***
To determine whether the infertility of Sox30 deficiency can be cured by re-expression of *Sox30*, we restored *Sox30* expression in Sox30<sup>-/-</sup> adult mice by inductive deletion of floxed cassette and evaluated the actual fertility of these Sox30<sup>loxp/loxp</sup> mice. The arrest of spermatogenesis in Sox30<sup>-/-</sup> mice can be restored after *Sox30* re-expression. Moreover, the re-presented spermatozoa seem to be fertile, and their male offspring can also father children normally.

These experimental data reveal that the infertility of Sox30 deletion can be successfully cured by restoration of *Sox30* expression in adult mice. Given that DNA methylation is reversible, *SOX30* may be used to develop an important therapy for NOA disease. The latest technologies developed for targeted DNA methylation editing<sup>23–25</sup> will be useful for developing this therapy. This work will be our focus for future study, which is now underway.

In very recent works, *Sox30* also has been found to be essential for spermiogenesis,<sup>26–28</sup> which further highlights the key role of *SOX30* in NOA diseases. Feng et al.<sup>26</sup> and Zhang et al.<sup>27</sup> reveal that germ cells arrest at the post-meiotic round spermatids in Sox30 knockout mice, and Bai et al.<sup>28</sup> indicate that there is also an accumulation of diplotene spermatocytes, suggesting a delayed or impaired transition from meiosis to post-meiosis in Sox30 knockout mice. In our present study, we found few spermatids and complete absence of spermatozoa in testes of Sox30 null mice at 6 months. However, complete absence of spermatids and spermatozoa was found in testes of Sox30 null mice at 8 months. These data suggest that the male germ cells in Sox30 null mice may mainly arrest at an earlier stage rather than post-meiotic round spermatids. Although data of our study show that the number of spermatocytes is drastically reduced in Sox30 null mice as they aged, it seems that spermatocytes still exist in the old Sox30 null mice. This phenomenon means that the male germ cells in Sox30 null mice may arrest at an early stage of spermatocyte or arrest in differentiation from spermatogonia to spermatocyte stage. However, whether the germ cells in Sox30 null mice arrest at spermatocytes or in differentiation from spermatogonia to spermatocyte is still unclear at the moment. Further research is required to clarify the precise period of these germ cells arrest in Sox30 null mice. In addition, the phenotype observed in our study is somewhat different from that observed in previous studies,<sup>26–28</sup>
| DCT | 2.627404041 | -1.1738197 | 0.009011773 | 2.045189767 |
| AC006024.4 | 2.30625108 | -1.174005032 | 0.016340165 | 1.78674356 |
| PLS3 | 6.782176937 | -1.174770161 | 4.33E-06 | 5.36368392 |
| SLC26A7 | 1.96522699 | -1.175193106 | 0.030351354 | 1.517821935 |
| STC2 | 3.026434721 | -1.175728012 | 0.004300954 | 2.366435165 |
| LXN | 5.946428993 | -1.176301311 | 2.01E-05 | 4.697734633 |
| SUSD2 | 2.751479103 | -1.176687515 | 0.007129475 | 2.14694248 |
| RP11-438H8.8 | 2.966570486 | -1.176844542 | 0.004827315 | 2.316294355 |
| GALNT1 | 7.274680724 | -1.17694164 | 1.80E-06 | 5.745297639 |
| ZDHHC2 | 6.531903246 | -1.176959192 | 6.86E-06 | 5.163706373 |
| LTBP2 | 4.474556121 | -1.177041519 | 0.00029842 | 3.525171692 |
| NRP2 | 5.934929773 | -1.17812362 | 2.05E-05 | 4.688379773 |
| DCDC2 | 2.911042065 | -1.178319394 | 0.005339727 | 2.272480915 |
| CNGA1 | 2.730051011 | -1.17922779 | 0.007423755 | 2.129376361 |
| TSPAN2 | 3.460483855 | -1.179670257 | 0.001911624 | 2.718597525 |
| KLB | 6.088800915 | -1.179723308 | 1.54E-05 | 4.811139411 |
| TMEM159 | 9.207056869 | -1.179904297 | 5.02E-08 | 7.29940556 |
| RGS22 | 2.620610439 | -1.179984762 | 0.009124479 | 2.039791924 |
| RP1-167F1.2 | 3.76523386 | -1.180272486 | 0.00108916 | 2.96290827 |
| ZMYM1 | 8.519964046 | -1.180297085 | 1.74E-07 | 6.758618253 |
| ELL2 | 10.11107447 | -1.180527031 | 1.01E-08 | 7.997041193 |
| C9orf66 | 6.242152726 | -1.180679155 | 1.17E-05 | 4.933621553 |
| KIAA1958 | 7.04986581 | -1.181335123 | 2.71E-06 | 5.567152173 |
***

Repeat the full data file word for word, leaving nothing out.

To determine whether the infertility of Sox30 deficiency can be cured by re-expression of *Sox30*, we restored *Sox30* expression in Sox30<sup>-/-</sup> adult mice by inductive deletion of floxed cassette and evaluated the actual fertility of these Sox30<sup>loxp/loxp</sup> mice. The arrest of spermatogenesis in Sox30<sup>-/-</sup> mice can be restored after *Sox30* re-expression. Moreover, the re-presented spermatozoa seem to be fertile, and their male offspring can also father children normally.

These experimental data reveal that the infertility of Sox30 deletion can be successfully cured by restoration of *Sox30* expression in adult mice. Given that DNA methylation is reversible, *SOX30* may be used to develop an important therapy for NOA disease. The latest technologies developed for targeted DNA methylation editing<sup>23–25</sup> will be useful for developing this therapy. This work will be our focus for future study, which is now underway.

In very recent works, *Sox30* also has been found to be essential for spermiogenesis,<sup>26–28</sup> which further highlights the key role of *SOX30* in NOA diseases. Feng et al.<sup>26</sup> and Zhang et al.<sup>27</sup> reveal that germ cells arrest at the post-meiotic round spermatids in Sox30 knockout mice, and Bai et al.<sup>28</sup> indicate that there is also an accumulation of diplotene spermatocytes, suggesting a delayed or impaired transition from meiosis to post-meiosis in Sox30 knockout mice. In our present study, we found few spermatids and complete absence of spermatozoa in testes of Sox30 null mice at 6 months. However, complete absence of spermatids and spermatozoa was found in testes of Sox30 null mice at 8 months. These data suggest that the male germ cells in Sox30 null mice may mainly arrest at an earlier stage rather than post-meiotic round spermatids. Although data of our study show that the number of spermatocytes is drastically reduced in Sox30 null mice as they aged, it seems that spermatocytes still exist in the old Sox30 null mice. This phenomenon means that the male germ cells in Sox30 null mice may arrest at an early stage of spermatocyte or arrest in differentiation from spermatogonia to spermatocyte stage. However, whether the germ cells in Sox30 null mice arrest at spermatocytes or in differentiation from spermatogonia to spermatocyte is still unclear at the moment. Further research is required to clarify the precise period of these germ cells arrest in Sox30 null mice. In addition, the phenotype observed in our study is somewhat different from that observed in previous studies,<sup>26–28</sup>
| DCT | 2.627404041 | -1.1738197 | 0.009011773 | 2.045189767 |
| AC006024.4 | 2.30625108 | -1.174005032 | 0.016340165 | 1.78674356 |
| PLS3 | 6.782176937 | -1.174770161 | 4.33E-06 | 5.36368392 |
| SLC26A7 | 1.96522699 | -1.175193106 | 0.030351354 | 1.517821935 |
| STC2 | 3.026434721 | -1.175728012 | 0.004300954 | 2.366435165 |
| LXN | 5.946428993 | -1.176301311 | 2.01E-05 | 4.697734633 |
| SUSD2 | 2.751479103 | -1.176687515 | 0.007129475 | 2.14694248 |
| RP11-438H8.8 | 2.966570486 | -1.176844542 | 0.004827315 | 2.316294355 |
| GALNT1 | 7.274680724 | -1.17694164 | 1.80E-06 | 5.745297639 |
| ZDHHC2 | 6.531903246 | -1.176959192 | 6.86E-06 | 5.163706373 |
| LTBP2 | 4.474556121 | -1.177041519 | 0.00029842 | 3.525171692 |
| NRP2 | 5.934929773 | -1.17812362 | 2.05E-05 | 4.688379773 |
| DCDC2 | 2.911042065 | -1.178319394 | 0.005339727 | 2.272480915 |
| CNGA1 | 2.730051011 | -1.17922779 | 0.007423755 | 2.129376361 |
| TSPAN2 | 3.460483855 | -1.179670257 | 0.001911624 | 2.718597525 |
| KLB | 6.088800915 | -1.179723308 | 1.54E-05 | 4.811139411 |
| TMEM159 | 9.207056869 | -1.179904297 | 5.02E-08 | 7.29940556 |
| RGS22 | 2.620610439 | -1.179984762 | 0.009124479 | 2.039791924 |
| RP1-167F1.2 | 3.76523386 | -1.180272486 | 0.00108916 | 2.96290827 |
| ZMYM1 | 8.519964046 | -1.180297085 | 1.74E-07 | 6.758618253 |
| ELL2 | 10.11107447 | -1.180527031 | 1.01E-08 | 7.997041193 |
| C9orf66 | 6.242152726 | -1.180679155 | 1.17E-05 | 4.933621553 |
| KIAA1958 | 7.04986581 | -1.181335123 | 2.71E-06 | 5.567152173 |